A soft spot for heavy metal

5 July 2023

Welding engineer Audrey Vichard describes the rewards of building high-quality, lasting components for experiments at CERN and beyond. 

Audrey Vichard
Melting point Engineer Audrey Vichard next to a prototype vacuum tube for the Einstein Telescope. Credit: S Fenkart

Welding is the technique of fusing two materials, often metals, by heating them to their melting points, creating a seamless union. Mastery of the materials involved, meticulous caution and remarkable steadiness are integral elements to a proficient welder’s skillset. The ability to adjust to various situations, such as mechanised or manual welding, is also essential. Audrey Vichard’s role as a welding engineer in CERN’s mechanical and materials engineering group (MME) encompasses comprehensive technical guidance in the realm of welding. She evaluates methodologies, improves the welding process, develops innovative solutions, and ensures compliance with global standards and procedures. This amalgamation of tasks allows for the effective execution of complex projects for CERN’s accelerators and experiments. “It’s a kind of art,” says Audrey. “Years of training are required to achieve high-quality welds.” 

Audrey is one of the newest additions to the MME group, which provides specific engineering solutions combining mechanical design, fabrication and material sciences for accelerator components and physics detectors to the CERN community. She joined the forming and welding section as a fellow in January 2023, having previously studied metallurgy in the engineering school at Polytech Nantes in France. “While in school, I did an internship in Toulon, where they build submarines for the army. I was in a group with a welder, who passed on his passion for welding to me – especially when applied in demanding applications.”

Extreme conditions

What sets welding at CERN apart are the variety of materials used and the environments the finished parts have to withstand. Radioactivity, high pressure to ultra-high vacuum and cryogenic temperatures are all factors to which the materials are exposed. Stainless steel is the most frequently used material, says Audrey, but rarer ones like niobium also come into play. “You don’t really find niobium for welding outside CERN – it is very specific, so it’s interesting and challenging to study niobium welds. To keep the purity of this material in particular, we have to apply a special vacuum welding process using an electron beam.” The same is true for titanium, which is a material of choice for its low density and high mechanical properties. It is currently under study for the next-generation HL-LHC beam dump. Whether it’s steel, titanium, copper, niobium or aluminium, each material has a unique metallurgical behaviour that will greatly influence the welding process. To meet the strict operating conditions over the lifetime of the components, the welding parameters are developed consequently, and rigorous control of the quality and traceability are essential.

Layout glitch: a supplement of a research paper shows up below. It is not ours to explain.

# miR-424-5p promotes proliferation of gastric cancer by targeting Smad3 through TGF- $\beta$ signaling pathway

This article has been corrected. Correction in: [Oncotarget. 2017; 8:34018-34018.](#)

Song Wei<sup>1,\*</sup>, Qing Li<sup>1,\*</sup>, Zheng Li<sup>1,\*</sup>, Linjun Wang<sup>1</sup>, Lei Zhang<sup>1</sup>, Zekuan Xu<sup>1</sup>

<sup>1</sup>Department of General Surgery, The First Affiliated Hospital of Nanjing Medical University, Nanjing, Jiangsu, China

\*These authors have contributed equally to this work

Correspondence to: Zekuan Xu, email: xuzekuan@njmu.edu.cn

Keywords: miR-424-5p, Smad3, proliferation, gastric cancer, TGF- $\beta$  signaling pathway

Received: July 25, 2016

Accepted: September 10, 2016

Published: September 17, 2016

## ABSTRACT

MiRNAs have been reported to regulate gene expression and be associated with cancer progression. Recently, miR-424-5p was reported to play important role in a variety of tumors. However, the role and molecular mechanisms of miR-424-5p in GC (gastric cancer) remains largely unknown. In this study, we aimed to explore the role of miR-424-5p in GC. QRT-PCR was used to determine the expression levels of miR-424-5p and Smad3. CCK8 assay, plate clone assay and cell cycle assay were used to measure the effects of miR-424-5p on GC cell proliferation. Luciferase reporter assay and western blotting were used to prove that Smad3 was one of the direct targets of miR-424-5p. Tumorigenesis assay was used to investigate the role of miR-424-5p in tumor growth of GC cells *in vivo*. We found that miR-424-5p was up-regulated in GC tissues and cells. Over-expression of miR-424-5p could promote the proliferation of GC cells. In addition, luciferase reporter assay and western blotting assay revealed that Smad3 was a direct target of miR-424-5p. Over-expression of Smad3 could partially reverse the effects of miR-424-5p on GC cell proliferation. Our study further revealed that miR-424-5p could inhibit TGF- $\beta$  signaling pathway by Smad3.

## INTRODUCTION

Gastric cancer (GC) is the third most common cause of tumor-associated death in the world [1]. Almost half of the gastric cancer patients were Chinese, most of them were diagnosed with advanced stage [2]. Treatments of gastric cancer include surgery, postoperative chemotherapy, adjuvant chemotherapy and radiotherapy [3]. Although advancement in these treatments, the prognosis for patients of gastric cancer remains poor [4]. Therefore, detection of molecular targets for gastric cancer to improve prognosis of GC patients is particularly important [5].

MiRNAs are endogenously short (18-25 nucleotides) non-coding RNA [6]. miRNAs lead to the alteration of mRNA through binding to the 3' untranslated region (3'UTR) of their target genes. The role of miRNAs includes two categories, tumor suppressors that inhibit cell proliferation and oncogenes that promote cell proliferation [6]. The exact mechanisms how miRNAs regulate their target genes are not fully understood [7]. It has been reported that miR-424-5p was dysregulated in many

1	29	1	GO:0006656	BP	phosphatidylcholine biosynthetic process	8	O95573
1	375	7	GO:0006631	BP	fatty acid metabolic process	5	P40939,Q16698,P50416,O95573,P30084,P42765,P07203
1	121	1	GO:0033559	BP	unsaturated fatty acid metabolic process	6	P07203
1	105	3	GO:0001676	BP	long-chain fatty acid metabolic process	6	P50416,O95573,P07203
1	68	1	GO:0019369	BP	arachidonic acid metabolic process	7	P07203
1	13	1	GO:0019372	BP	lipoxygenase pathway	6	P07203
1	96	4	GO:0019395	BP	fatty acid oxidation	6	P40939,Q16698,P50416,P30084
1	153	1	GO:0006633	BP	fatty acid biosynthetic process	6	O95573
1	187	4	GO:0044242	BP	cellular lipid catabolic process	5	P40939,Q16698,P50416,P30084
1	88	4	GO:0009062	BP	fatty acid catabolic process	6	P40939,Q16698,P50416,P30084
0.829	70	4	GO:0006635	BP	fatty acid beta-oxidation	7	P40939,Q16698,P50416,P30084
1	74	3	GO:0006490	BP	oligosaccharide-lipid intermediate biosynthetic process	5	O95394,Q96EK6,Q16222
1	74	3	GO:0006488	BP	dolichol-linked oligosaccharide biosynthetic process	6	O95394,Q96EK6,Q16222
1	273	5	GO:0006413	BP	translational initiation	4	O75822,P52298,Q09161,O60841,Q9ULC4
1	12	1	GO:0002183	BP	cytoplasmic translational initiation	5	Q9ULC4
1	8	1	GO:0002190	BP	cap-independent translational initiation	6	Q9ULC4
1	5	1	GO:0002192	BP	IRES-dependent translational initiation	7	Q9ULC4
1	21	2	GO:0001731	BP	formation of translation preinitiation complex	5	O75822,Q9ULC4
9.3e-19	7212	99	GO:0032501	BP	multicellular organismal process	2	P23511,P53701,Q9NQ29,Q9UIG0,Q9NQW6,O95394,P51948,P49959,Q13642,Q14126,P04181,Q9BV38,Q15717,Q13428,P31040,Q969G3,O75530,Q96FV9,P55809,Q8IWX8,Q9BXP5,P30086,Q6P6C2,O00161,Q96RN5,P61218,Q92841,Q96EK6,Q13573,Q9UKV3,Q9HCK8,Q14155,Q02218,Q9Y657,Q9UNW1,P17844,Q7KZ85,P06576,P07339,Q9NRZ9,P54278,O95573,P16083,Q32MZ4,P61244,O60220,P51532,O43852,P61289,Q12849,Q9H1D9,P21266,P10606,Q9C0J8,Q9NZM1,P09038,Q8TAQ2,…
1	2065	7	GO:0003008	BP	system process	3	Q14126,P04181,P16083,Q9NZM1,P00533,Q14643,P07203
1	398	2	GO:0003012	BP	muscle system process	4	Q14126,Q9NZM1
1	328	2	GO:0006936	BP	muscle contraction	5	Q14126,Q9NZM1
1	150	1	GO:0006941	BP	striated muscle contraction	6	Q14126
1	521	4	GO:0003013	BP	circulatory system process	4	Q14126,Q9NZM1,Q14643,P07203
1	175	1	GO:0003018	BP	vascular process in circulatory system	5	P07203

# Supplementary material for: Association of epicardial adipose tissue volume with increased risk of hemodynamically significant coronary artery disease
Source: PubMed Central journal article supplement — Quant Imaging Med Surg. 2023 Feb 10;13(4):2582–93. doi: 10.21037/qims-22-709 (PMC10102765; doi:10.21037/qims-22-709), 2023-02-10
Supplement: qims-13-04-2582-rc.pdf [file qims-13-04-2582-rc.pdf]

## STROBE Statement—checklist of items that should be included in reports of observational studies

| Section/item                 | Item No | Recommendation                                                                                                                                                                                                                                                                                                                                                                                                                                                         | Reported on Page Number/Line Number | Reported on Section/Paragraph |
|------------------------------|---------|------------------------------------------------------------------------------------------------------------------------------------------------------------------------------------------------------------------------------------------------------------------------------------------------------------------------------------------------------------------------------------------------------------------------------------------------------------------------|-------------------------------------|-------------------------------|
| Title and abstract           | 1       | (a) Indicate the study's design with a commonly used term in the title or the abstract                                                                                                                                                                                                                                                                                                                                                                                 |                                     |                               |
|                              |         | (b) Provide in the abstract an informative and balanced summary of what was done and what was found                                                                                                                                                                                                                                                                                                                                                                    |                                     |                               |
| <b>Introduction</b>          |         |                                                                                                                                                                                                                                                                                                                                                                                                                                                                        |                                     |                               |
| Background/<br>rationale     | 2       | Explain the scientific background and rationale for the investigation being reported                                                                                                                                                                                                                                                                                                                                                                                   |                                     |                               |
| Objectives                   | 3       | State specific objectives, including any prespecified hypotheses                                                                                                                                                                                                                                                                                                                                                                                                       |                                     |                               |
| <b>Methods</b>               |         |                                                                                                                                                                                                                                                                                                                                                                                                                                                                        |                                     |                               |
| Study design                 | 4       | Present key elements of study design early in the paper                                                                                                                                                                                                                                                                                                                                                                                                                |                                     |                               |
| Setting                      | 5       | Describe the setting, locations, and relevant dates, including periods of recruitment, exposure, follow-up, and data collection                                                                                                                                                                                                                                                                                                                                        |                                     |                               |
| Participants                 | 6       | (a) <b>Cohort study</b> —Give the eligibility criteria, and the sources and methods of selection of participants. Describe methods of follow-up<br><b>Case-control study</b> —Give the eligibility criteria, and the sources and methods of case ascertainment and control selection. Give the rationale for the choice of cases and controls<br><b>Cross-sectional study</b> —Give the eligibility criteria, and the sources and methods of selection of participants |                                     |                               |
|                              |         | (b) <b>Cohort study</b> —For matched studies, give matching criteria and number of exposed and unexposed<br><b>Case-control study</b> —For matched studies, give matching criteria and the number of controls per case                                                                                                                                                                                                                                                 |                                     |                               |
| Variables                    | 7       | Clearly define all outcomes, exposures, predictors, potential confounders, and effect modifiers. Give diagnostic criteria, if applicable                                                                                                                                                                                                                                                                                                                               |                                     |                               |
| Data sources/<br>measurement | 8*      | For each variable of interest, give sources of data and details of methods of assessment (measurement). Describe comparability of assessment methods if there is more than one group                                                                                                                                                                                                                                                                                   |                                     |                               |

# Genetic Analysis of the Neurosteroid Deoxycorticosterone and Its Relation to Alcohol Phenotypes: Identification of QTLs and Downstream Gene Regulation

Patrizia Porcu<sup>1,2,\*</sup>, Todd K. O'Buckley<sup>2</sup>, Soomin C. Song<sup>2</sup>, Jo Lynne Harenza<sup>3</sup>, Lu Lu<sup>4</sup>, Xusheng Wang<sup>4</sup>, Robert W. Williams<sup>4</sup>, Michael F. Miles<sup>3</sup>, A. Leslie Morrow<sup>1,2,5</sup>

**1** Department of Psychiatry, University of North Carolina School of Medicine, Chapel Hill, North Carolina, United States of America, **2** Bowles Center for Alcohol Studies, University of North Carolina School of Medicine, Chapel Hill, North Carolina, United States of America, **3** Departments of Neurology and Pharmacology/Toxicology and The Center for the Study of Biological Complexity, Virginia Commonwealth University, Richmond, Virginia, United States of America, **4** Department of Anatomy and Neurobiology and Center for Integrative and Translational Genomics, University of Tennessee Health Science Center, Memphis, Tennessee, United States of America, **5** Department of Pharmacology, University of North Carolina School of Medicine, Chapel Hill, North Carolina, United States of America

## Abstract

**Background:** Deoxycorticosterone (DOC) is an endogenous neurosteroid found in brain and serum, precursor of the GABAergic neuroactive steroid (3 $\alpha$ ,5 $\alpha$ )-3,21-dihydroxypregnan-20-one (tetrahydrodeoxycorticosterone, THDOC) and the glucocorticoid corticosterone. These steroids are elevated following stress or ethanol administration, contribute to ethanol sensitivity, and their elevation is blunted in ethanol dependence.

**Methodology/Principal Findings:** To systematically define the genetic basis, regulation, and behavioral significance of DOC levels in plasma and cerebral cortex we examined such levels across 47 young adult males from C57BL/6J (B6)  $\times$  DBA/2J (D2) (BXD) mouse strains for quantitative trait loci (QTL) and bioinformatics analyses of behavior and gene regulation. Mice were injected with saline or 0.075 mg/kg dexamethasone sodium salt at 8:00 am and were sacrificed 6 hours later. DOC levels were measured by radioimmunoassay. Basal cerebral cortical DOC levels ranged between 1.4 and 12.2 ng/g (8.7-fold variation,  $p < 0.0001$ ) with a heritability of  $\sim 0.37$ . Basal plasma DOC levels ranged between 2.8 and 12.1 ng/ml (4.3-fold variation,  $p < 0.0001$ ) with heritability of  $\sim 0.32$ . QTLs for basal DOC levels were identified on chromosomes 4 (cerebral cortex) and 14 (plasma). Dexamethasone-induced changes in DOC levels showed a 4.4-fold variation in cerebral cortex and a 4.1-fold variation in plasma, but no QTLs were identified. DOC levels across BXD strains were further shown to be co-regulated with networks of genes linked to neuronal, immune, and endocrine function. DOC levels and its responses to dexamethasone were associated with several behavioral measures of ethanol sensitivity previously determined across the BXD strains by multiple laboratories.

“Although it is the job of the physicists at CERN to come up with the innovative machines they need to push knowledge further, it is an interesting exchange to learn from each other, juggling between ideal objects and industrial realities,” explains Audrey. “It is a matter of adaptation. The physicists come here and explain what they need and then we see if it’s feasible with our machines. If not, we can adapt the design or material, and the physicists are usually quite open to the change.”

Touring the main CERN workshop – which was one of CERN’s first buildings and has been in service since 1957 – Audrey is one of the few women present. “We are a handful of women graduating as International Welding Engineers (IWE). I am proud to be part of the greater scientific community and to promote my job in this domain, historically dominated by men.”

The physicists come here and explain what they need and then we see if it’s feasible with our machines

In the main workshop at CERN, Audrey is, along with her colleagues, a member of the welding experts’ team. “My daily task is to support welding activities for current fabrication projects CERN-wide. On a typical day, I can go from performing visual inspections of welds in the workshop to overseeing the welding quality, advising the CERN community according to the most recent standards, participating in large R&D projects and, as a welding expert, advising the CERN community in areas such as the framework of the pressure equipment directive.”

Together with colleagues from CERN’s vacuum, surfaces and coatings group (TE-VSC), and MME, Audrey is currently working on R&D for the Einstein Telescope – a proposed next-generation gravitational-wave observatory in Europe. It is part of a new collaboration between CERN, Nikhef and the INFN to design the telescope’s colossal vacuum system – the largest ever attempted (see CERN shares beampipe know-how for gravitational-wave observatories). To undertake this task, the collaboration is initially investigating different materials to find the best candidate combining ultra-high vacuum compatibility, weldability and cost efficiency. So far, one fully prototyped beampipe has been finished using stainless steel and another is in production with common steel; the third is yet to be done. The next main step will then be to go from the current 3 m-long prototype to a 50 m version, which will take about a year and a half. Audrey’s task is to work with the welders to optimise the welding parameters and ultimately provide a robust industrial solution to manufacture this giant vacuum chamber. “The design is unusual; it has not been used in any industrial application, at least not at this quality. I am very excited to work on the Einstein Telescope. Gravitational waves have always interested me, and it is great to be part of the next big experiment at such an early stage.”

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